Here we are. After that negative snag, we have reached the crux of the matter.
Metroid Dread is fun, yet I feel disconnected from it personally. I had a great time playing this game and this should be used as a template for boss designs for future action games for decades to come. The movement was fluid. Exploration was rewarding and always felt worthwhile. The story was a constantly pleasant surprise and has me interested in playing the other games in the series. The game is graphically impressive despite not being to my personal tastes and the sound design is superb. Yet, as a newcomer to the series, I just didn’t feel connected to Samus and Metroid as much as I had expected. I had gone in thinking I would either hate the game, not finish it and quietly move on or I would love it and join the screaming fandom. But… I can’t do either. This game is technically a masterpiece and I loved many, many individual aspects of the experience. I will almost certainly play it again in the future. Yet, there’s this part of me that almost feels… disappointed. Not in the game, but in myself. There is just something stuck between this game and me.
And you know what. I think I know what that is too. I think, and this comes down to me as a player and not a critic, I think I simply prefer 3D games. I have played many, many 2D games over the years and have a good time with them yet I never put them at the top of the pile. They never become the cream or embed themselves as classics in my mind. They are simply fun games that I play and forget about; many being technically better than the more flawed 3D experiences I hold dear.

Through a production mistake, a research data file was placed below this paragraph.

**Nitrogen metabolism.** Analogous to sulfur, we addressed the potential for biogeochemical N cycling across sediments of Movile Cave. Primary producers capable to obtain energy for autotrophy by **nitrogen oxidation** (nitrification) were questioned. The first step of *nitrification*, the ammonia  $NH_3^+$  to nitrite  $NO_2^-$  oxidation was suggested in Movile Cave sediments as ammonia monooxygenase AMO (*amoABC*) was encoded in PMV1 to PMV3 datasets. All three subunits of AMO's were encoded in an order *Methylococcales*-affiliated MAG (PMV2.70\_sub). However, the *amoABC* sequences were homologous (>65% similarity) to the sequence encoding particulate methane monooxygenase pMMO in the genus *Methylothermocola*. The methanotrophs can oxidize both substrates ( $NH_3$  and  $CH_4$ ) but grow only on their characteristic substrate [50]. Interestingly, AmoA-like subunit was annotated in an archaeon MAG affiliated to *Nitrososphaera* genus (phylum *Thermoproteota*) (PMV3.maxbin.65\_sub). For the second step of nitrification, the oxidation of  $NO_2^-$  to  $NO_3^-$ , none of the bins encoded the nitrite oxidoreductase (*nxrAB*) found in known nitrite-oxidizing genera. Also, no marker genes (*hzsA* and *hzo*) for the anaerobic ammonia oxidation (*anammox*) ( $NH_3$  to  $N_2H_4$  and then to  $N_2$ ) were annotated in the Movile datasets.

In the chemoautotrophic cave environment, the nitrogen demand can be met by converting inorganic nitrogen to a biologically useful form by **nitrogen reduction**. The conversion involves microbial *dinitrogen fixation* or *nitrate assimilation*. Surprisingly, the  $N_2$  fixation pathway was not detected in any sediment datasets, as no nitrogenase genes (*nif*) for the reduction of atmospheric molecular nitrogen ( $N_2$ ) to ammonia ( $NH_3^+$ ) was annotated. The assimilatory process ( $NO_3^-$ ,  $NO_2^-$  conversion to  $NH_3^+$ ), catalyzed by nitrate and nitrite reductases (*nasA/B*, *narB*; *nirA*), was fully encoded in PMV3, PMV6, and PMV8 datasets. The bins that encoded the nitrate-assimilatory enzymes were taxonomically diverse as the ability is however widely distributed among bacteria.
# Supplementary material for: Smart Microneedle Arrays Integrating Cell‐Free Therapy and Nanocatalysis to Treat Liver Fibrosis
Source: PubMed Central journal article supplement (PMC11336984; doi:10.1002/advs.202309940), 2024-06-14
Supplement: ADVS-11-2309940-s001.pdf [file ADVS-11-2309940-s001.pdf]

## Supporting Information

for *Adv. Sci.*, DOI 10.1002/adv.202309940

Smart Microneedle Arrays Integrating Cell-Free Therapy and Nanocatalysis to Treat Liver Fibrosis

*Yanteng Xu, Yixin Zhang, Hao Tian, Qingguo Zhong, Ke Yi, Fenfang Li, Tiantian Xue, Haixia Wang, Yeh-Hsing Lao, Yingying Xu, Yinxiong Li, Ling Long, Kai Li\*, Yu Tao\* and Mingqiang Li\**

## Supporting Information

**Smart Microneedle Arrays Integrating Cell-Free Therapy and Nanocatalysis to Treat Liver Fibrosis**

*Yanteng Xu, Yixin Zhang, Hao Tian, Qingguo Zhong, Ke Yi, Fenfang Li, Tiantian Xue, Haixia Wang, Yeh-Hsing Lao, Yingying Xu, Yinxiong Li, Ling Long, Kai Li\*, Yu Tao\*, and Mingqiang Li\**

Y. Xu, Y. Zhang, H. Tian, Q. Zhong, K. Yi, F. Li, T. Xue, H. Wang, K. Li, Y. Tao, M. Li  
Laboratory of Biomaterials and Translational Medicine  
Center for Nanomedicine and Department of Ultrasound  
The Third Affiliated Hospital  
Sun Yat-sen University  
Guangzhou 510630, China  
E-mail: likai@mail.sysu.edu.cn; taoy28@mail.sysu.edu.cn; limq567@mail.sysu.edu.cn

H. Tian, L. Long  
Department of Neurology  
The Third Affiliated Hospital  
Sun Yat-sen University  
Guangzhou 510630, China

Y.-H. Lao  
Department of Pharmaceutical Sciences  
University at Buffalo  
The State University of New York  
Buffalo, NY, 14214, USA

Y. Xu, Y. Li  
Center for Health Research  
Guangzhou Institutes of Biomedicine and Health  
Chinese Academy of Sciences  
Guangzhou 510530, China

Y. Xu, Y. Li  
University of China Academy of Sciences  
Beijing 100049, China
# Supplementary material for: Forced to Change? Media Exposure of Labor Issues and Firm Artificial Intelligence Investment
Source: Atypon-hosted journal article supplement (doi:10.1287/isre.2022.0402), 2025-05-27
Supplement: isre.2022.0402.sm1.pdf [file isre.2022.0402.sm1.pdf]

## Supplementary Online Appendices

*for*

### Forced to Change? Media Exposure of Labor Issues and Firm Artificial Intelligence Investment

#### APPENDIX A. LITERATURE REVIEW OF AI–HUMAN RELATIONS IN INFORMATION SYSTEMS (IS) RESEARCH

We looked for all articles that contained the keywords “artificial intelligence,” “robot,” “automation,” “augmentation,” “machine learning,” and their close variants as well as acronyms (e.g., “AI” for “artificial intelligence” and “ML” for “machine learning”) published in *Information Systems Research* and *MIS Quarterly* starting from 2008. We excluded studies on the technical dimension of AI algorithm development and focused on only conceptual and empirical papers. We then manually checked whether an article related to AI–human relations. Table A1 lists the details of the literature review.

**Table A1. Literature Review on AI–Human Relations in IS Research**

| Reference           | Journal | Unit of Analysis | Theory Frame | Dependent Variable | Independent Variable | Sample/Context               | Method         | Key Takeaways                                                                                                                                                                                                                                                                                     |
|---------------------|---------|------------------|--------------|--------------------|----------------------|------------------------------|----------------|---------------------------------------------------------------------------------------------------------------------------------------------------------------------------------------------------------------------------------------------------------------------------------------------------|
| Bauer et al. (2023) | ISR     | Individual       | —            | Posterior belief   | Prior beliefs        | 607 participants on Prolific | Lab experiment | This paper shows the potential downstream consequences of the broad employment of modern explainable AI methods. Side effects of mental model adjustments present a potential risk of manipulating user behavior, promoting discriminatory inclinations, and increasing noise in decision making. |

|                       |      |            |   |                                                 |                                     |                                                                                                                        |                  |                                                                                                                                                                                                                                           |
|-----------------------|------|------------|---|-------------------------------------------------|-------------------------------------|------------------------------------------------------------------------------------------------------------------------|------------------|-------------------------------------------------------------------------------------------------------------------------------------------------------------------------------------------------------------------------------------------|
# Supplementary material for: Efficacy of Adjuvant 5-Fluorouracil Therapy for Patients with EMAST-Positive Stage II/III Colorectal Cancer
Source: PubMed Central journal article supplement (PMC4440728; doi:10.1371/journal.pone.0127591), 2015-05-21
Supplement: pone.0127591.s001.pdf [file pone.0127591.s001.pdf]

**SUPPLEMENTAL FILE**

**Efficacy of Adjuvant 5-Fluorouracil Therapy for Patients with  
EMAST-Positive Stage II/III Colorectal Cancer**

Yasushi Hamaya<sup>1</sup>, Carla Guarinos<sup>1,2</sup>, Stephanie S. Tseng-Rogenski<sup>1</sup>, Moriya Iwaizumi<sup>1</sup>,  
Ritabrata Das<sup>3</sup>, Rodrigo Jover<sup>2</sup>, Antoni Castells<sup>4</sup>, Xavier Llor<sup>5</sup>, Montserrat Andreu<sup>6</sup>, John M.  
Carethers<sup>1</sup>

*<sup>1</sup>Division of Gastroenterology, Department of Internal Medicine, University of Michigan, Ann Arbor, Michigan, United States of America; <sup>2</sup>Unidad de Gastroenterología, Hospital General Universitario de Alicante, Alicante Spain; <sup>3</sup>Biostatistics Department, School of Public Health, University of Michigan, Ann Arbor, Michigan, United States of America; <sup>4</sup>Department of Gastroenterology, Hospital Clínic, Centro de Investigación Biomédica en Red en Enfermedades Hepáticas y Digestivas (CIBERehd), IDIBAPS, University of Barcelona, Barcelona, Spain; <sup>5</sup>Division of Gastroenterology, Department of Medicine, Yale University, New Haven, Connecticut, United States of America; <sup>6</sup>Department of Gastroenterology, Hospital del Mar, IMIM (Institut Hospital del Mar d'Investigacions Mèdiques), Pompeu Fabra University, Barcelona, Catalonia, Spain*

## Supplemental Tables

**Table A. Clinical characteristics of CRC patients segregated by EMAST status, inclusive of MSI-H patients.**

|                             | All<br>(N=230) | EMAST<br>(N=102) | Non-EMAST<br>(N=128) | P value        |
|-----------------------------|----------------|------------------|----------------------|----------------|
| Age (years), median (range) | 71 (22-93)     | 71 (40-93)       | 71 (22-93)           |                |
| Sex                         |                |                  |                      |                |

So, where do I stand? Well, you need wonder no longer. If I was trying to be objective and pretend to be a critic, this game would probably go right at the top of the list of beautifully sculpted masterpieces. But I just can’t do that. Despite not finishing Returnal due to the merciless difficulty, the highs I experience there simply made me feel better than I did during the highs of Metroid. If this upsets you, that’s a shame but you know what. I’m human. And I like different things to you. And that’s okay.
Thank you for reading. I have been Benjamin Wagner and I endorse this message.
8.7/10- A masterfully constructed game that takes its formula as far as it can go… It just didn’t click with me as much as it could have.